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RE: ISSUE-117 (serge): Eliminating Faulty Recommendations [All]

From: <michael.mccormick@wellsfargo.com>
Date: Tue, 20 Nov 2007 10:03:11 -0600
Message-ID: <9D471E876696BE4DA103E939AE64164D7CD521@msgswbmnmsp17.wellsfargo.com>
To: <ifette@google.com>
Cc: <public-wsc-wg@w3.org>
Hi Ian,
Thanks for sharing this.  I'm new to W3C so knowing this history helps
me understand where you guys were coming from with Criteria 2.  (What's
According to the SuccessBaseline page, C2 currently reads:
2. There is buy in and uptake of the recommendation by browsers, web
application developers, web site administrators, and users 
My suggested rewording:
2. Adoption and implementation of the recommendation by browsers, web
application developers, web site administrators, and users is
realistically feasible
I think this preserves the original intent of C2 (as I understand it)
while subtly shifting the emphasis from "buy in" to "feasibility".


From: Ian Fette [mailto:ifette@google.com] 
Sent: Monday, November 19, 2007 6:06 PM
To: McCormick, Mike
Cc: johnath@mozilla.com; public-wsc-wg@w3.org
Subject: Re: ISSUE-117 (serge): Eliminating Faulty Recommendations [All]

Not sure if I really want to say this on the record or not, but here
goes. I have seen a lot of things where W3C has gone off the deep end.
Without getting into specifics, there's a reason that WHATWG was
started. Current politics of WHATWG / HTML5 / XHTML5 / whatever aside,
W3C was more or less going in a direction that browsers were not going
to follow, and it led to very bad things. The web hasn't been
standards-compliant for a long time, and that is not a good thing. I
would love to see more content conform to one of the HTML/XHTML/etc
standards, and I would love to see browsers doing the same. However, for
that to ever happen, the standards need to remain realistic and
relevant. If we start going off doing what we think would be "cool", or
even just "the right way" while ignoring realities, we risk going down
the same path that led to the WHATWG formation and subsequent politics. 

I agree that W3C should strive for impartiality, but at the same time
impartiality should not imply losing our grip on reality. (I realize
that's not what you're saying, I'm just saying that is what can happen
if we're not careful.) As to "criteria 2" and automatic disqualification
- I agree that we don't want it to appear that we're in collusion and
giving people a free pass. However, my concern is that if we feel we're
writing a spec that won't be adopted, what's the point? Great, we're
recommending "the right thing", but if no-one takes us up and commits to
that recommendation, what's the point? If I felt that we were going to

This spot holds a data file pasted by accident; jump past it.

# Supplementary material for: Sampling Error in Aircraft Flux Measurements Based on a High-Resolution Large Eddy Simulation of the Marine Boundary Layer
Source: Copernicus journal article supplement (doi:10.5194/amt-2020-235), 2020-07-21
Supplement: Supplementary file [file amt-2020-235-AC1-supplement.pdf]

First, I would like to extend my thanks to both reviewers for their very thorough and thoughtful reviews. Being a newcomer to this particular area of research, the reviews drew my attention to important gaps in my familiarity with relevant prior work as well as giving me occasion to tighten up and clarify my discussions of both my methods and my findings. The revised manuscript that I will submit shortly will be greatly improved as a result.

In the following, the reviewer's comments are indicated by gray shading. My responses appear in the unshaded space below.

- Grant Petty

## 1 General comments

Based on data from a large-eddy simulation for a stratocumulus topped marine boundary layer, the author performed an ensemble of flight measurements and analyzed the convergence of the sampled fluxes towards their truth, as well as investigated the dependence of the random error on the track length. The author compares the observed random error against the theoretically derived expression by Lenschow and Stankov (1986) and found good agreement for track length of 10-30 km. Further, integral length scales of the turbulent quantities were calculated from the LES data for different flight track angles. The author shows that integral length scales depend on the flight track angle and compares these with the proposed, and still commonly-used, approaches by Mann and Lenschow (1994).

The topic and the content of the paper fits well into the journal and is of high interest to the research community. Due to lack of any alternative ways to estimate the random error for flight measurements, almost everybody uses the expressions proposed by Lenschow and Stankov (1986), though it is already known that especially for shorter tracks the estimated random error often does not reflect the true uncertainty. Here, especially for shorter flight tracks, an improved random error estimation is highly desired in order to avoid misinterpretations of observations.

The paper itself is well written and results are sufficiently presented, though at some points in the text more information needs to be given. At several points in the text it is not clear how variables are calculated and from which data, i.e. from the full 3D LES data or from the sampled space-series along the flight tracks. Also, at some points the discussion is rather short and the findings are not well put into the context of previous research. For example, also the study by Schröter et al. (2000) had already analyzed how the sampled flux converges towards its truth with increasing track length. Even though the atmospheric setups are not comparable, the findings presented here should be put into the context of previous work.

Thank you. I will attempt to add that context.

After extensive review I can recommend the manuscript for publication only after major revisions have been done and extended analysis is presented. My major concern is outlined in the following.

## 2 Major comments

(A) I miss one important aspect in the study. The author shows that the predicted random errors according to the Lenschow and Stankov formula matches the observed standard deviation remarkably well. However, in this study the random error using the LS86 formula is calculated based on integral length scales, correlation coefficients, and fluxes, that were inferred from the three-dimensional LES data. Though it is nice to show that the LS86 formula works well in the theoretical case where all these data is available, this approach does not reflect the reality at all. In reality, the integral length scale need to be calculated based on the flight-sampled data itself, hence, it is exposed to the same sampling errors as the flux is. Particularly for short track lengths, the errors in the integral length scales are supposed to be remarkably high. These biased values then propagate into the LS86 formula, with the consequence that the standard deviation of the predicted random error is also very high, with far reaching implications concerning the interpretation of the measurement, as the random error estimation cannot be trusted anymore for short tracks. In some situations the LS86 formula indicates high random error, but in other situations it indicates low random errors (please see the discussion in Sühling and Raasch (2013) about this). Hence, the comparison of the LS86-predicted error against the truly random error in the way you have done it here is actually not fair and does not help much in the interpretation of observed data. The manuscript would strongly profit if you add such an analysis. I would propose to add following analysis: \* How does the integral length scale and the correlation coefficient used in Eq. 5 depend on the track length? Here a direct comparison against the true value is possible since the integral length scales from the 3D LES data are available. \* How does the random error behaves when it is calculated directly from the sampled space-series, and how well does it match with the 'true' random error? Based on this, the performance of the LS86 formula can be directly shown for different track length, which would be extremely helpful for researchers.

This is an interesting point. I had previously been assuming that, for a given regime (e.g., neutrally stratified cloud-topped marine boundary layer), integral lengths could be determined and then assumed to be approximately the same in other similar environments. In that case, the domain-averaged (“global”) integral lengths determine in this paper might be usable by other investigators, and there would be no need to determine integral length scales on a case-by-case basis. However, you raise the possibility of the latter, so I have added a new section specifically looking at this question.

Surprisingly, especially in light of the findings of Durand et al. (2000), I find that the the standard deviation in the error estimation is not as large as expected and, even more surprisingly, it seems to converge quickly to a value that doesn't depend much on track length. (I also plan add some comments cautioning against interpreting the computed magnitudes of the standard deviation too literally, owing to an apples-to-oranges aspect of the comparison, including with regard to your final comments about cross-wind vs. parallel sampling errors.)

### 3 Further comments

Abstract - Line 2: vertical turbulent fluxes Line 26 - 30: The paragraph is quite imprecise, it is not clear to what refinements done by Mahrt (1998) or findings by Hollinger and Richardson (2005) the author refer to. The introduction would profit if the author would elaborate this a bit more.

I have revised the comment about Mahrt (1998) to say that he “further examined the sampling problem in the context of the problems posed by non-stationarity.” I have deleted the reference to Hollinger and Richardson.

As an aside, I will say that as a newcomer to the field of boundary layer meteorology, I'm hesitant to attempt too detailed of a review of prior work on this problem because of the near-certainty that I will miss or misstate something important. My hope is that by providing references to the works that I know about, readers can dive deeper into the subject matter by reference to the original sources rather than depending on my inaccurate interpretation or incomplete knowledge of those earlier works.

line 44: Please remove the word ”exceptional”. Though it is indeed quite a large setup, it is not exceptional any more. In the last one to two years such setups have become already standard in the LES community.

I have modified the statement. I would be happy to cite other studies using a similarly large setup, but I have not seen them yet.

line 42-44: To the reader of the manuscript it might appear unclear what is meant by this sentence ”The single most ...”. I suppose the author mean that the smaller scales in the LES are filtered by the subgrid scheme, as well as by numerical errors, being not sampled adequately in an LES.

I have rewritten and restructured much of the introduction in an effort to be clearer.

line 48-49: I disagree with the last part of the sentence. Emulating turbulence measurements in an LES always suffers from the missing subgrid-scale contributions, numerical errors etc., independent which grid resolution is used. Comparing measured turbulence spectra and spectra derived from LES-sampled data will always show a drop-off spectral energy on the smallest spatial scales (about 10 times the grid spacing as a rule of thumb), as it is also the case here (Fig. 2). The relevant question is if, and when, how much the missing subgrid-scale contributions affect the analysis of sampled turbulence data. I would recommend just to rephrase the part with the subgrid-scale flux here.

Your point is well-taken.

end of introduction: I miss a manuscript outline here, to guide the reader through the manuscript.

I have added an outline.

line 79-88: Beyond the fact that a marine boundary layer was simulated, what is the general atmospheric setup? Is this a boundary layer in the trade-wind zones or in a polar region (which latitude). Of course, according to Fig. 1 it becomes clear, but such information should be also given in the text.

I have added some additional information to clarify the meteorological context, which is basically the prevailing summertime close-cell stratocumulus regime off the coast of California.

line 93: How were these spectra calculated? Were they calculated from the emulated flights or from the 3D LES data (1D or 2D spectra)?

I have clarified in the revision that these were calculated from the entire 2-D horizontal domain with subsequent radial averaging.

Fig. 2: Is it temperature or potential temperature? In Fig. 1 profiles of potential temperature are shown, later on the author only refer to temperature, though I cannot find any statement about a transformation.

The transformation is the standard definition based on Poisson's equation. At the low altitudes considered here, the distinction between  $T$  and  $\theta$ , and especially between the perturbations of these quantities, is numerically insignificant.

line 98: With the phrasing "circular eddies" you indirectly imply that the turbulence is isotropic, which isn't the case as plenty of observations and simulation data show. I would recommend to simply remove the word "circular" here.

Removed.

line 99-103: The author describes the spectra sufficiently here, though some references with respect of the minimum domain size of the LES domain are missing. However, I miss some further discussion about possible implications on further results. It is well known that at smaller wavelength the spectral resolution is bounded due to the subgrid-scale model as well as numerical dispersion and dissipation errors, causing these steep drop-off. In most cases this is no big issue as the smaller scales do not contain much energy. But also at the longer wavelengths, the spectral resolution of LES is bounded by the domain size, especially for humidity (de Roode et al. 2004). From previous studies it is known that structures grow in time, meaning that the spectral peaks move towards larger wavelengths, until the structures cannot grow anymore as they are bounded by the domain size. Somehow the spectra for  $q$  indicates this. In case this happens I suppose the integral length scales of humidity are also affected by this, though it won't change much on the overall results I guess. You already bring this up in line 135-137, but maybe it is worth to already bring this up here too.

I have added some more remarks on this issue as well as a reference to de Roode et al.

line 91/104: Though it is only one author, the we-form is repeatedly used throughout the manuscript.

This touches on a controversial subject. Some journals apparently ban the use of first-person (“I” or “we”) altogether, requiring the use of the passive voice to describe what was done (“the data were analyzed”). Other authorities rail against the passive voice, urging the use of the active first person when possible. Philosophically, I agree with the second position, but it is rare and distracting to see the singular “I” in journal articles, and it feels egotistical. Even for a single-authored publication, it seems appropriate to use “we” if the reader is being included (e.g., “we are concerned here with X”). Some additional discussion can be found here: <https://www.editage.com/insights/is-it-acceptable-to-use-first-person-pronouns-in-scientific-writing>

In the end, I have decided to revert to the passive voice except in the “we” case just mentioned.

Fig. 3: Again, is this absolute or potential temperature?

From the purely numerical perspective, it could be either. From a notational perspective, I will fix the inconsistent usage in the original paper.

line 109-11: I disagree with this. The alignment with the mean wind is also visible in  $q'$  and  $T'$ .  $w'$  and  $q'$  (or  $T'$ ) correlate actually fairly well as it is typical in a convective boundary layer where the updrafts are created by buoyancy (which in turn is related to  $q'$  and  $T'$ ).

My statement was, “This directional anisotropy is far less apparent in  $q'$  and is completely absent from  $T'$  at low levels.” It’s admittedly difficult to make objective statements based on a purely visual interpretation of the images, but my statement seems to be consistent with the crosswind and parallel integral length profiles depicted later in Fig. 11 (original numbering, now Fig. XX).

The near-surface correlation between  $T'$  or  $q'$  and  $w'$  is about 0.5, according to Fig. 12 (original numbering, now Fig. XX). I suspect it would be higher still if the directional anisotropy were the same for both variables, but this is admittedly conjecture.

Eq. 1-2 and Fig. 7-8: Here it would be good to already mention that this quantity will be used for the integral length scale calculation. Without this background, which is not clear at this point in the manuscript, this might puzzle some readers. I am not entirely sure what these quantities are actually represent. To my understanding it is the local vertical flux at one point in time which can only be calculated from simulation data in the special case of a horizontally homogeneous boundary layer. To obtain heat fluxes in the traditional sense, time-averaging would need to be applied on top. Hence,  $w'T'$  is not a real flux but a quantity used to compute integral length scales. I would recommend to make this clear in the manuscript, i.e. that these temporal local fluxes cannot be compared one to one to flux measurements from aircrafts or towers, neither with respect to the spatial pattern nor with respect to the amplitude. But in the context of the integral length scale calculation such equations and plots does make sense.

put out a recommendation that stood no chance of adoption, I'd quit the
working group tomorrow. 

I don't think that Criteria 2 is intended as "Browser vendors get a veto
on the rec." More, I think it should be read as "Are we producing a spec
that will be implemented and adhered to, or are we wasting our time."
That's a very different message (although I will concede that the
practical result may be similar.) I want to make the web a safer place,
but I also don't want to waste my time in writing spec that will never
be adhered to. 


P.S. do you have a proposal for how to re-word C2?

On Nov 19, 2007 3:22 PM, <michael.mccormick@wellsfargo.com > wrote:

	Your perspective is totally valid Ian.  And from that
perspective, everything you said makes sense.
	But a different perspective is that of a skeptic who looks at
WSC, sees it's dominated & led by technology firms including some
browser makers, reads in our acceptance criteria that W3C will only
propose changes with guaranteed browser manufacturer uptake, and
concludes the game was rigged.  The actions of certain browser
manufacturers have made many people skeptical about whether browser
makers really care about security.  W3C needs to strive for an
appearance of impartiality.  If you can imagine how this process looks
to a skeptical outsider, maybe you can understand why I still feel
Criteria 2 should be reworded?
	I agree any WSC recommendation which faces resistance from the
UA community needs serious discussion.  I just don't think it should be
automatically disqualified because browser makers don't like it.  Which
is what Criteria 2 seems to imply.


	From: public-wsc-wg-request@w3.org
[mailto:public-wsc-wg-request@w3.org] On Behalf Of Ian Fette
	Sent: Monday, November 19, 2007 3:42 PM
	To: McCormick, Mike
	Cc: johnath@mozilla.com; public-wsc-wg@w3.org 

	Subject: Re: ISSUE-117 (serge): Eliminating Faulty
Recommendations [All]

	I don't really view the recommendation as ammunition at all. I
think that most likely you have an environment where security is taken
seriously, in which both sides (UX and security) come together to make a
reasonable decision, or you have an environment where security takes a
back seat. In the former, you don't really need to hold up a spec and